What follows is a justification for suing the City of Los Angeles to free up the real-time traffic data that is generated (and then deleted) by the LADOT’s ATSAC system. Anyone with a stake in development, civil engineering, transportation planning, public policy research, the practice of transportation engineering, environmental justice, transit route planning, planning optimal delivery routes in the city, or simply curious about the effects on traffic of a blown fire hydrant last month deserves access to this data.
If you’re a lawyer who’d like to file a law suit to free up the largest trove of transportation data the world has ever known, and which would revolutionize the study and debate around urban mobility and traffic, please email me at email@example.com and let’s talk.
If you’d like to work on hiring the above mentioned lawyer and working with a coalition to free this data, email me at firstname.lastname@example.org and let’s talk.
Los Angeles has spent hundreds of millions since the 1984 Olympics to track car trips, down to the second, using its Automated Traffic Surveillance and Control (ATSAC) system. The system has grown, one $150,000 intersection integration at a time, to a network of 4,114 (as of January 2012) signalized intersections feeding up-to-the-second car trip data into a bank of computers in a sub-sub-sub-basement under city hall in Downtown Los Angeles.
Including the 400+ intersection cameras associated with the system, ATSAC is quite literally the Rosetta Stone to unlocking the mysteries of modern automobile transportation. No city in the world comes close to our level of fine-grained, digitized, trip data for automobiles.
This system has cost us over $650,000,000 to build out, and has a Proposition C funded maintenance budget of $500,000 each year. In the 2014-2015 budget year it is set to be expanded to the tune of an additional $13,000,000+ from Measure R funds and a few other grant sources.
With this insane amount of investment in data collection, and a panopticon of traffic surveillance footage, you would think that understanding how many car trips are actually generated or destroyed because of land use decisions, parades, street closures, disasters, and other changes in road use would be old hat in city hall discussions.
If you thought that this ATSAC data was being used to fuel fundamental research into how car traffic actually works, or to bring facts into public planning decisions currently dominated by out-dated hypotheses and anecdotes, or to test traffic engineering models from a time before such a system was even considered possible, you would be gravely mistaken.
For fear of unspecified lawsuits, the LADOT’s ATSAC division deletes all their traffic data after 30 days and never stores footage from their 400+ traffic cameras. These cameras are positioned at most of LA’s most congested intersections (good luck with that insurance claim or criminal prosecution after a car crash).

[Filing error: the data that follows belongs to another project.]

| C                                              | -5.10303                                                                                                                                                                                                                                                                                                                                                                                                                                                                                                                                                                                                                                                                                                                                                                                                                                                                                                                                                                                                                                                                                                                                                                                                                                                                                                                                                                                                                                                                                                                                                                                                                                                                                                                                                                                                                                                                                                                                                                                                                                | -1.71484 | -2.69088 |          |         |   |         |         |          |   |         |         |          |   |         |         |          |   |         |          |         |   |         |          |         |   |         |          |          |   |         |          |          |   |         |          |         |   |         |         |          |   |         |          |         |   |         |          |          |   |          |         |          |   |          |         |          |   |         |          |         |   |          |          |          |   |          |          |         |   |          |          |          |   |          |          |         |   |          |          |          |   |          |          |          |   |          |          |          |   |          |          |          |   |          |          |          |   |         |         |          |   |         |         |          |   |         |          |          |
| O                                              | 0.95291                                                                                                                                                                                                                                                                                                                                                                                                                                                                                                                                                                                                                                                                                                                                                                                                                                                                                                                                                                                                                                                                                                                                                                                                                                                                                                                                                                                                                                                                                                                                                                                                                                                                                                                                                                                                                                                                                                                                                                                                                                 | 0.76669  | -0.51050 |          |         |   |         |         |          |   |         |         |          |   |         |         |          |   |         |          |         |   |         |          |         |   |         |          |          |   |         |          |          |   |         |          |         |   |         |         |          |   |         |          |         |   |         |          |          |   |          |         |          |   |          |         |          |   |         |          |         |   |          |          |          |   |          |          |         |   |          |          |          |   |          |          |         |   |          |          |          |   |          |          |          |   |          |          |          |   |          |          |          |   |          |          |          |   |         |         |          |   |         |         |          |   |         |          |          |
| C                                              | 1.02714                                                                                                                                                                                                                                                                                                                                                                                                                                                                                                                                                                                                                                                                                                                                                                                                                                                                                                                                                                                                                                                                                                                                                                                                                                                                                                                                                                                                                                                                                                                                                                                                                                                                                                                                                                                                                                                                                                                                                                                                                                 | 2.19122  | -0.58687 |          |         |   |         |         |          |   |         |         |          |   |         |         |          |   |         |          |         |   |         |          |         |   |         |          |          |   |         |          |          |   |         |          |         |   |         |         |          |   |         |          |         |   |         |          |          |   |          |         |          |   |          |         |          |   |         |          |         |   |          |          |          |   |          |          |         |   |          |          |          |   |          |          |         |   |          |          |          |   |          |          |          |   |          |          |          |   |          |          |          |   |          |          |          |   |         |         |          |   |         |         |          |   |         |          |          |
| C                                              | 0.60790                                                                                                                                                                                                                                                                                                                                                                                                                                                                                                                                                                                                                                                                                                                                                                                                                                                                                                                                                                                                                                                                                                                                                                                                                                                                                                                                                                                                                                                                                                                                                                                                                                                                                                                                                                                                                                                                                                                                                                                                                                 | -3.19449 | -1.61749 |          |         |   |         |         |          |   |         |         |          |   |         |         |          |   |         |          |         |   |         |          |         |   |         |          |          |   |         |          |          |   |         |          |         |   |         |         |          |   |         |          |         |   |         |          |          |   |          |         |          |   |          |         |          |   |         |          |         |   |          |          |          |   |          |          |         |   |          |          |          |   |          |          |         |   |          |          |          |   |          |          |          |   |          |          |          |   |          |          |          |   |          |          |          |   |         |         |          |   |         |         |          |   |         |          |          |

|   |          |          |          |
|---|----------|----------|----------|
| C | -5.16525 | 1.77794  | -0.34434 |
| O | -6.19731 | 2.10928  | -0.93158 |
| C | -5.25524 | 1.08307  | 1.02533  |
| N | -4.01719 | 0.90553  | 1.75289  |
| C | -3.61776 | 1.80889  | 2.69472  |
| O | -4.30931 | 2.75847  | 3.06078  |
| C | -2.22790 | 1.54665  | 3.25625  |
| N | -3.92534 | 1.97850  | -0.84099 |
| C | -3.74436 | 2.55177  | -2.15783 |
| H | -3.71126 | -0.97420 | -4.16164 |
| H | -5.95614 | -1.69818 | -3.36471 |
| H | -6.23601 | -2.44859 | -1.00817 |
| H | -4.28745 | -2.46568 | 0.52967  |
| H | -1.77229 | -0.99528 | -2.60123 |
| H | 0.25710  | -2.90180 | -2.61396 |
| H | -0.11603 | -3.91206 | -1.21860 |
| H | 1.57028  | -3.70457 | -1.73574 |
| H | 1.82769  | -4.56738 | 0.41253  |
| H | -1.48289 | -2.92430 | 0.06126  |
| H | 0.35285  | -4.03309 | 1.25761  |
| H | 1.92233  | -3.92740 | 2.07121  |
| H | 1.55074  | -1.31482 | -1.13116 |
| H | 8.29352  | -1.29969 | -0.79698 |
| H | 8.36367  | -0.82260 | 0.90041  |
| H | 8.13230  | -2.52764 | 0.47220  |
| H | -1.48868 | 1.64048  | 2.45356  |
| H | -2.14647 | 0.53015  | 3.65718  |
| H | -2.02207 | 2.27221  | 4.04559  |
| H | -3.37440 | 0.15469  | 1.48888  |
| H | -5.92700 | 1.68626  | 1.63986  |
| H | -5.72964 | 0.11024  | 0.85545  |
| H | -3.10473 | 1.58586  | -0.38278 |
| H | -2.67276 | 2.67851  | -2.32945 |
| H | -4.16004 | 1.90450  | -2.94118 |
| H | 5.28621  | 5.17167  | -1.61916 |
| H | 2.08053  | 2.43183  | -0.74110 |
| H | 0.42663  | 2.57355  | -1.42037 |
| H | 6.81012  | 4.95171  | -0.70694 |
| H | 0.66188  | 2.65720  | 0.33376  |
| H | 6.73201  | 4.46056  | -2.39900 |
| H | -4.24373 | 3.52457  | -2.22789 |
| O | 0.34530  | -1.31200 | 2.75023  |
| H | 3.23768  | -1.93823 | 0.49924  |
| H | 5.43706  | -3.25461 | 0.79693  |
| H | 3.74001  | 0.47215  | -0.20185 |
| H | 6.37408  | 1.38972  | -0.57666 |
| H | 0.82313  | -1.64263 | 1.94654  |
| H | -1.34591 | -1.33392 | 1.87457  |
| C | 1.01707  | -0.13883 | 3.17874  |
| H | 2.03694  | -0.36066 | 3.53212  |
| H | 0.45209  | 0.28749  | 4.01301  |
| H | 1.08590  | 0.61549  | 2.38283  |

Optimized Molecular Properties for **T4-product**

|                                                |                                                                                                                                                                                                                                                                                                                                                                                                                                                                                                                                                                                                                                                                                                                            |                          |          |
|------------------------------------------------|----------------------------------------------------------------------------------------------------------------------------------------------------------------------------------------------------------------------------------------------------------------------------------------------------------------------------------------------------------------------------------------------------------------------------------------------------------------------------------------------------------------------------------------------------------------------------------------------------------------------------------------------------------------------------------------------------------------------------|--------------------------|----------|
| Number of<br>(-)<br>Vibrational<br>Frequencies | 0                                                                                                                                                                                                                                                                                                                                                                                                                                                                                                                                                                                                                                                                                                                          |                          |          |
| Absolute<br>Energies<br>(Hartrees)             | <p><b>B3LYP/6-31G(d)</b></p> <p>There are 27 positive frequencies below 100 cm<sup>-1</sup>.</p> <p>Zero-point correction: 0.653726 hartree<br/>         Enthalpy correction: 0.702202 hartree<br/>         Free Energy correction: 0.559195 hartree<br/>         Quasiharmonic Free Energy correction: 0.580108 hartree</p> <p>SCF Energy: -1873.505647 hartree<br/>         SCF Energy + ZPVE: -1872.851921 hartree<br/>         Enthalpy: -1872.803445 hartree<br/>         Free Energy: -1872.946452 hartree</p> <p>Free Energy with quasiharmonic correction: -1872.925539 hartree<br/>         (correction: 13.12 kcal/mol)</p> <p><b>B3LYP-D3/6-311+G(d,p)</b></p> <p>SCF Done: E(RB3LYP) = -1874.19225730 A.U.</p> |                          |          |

The incredible outlay of public money that has funded this system alone would seem to mandate that the data generated by ATSAC would serve the public interest beyond the narrow interests of those who monitor the computer banks under city hall. Further, the data collected is of a fundamental value to public discourse and debate, to planning decisions, and strikes at the heart of nearly every public discussion in Los Angeles about the state of the city. That this data is deleted is beyond an oversight – it is a civil offense.
We can beg and plead in city hall to an unconcerned city council. The last time the politicians attacked the boys in the ATSAC bunker, two of them went rogue and sabotaged the system (like bank robbers in some crime caper movie) to win concessions for their union. The wayward engineers were dealt with, but the message was clear, “We can break this city if you mess with us.” A council stacked with former state legislators, who’re basically just pay-check collectors uninterested in governing, are not going to mess with these guys.
No, this is a matter for the courts. This ATSAC data counts as public records, and if we have to take the city to court every 30 days to obtain copies of it we darn well should. I can think of a dozen private developers, civil engineering firms, researchers, planning agencies, and plain old neighborhood advocates who would love to have an open-source treasure trove of real-time traffic data to combat the psuedo-science and anecdotes that throw out perfectly good projects or justify terrible projects in this City. This data belongs to us, the people, and it must be freed.
The question is: who is willing to lawyer up enough to help us free it?
- “4,114 Stoplights in Los Angeles and the Intricate Network that Keeps Traffic Moving” by Jon Bruner for Forbes on January 25, 2012
- “Lots of traffic, little data” by Sharon Bernstein for the LA Times on October 1, 2007
- City of Los Angeles’ Adopted Budget for 2014-2015 (search for ATSAC within the 2014-15 document)
- “ATSAC: Behind the scenes at LA Traffic Control” by Streetfilms on April 9, 2009
- “L.A.’s Automated Traffic Surveillance and Control System” by Laura Bliss for LA Magazine on May 21, 2014.
- “2 accused of sabotaging the traffic lights” by Bob Pool for the LA Times on January 6, 2007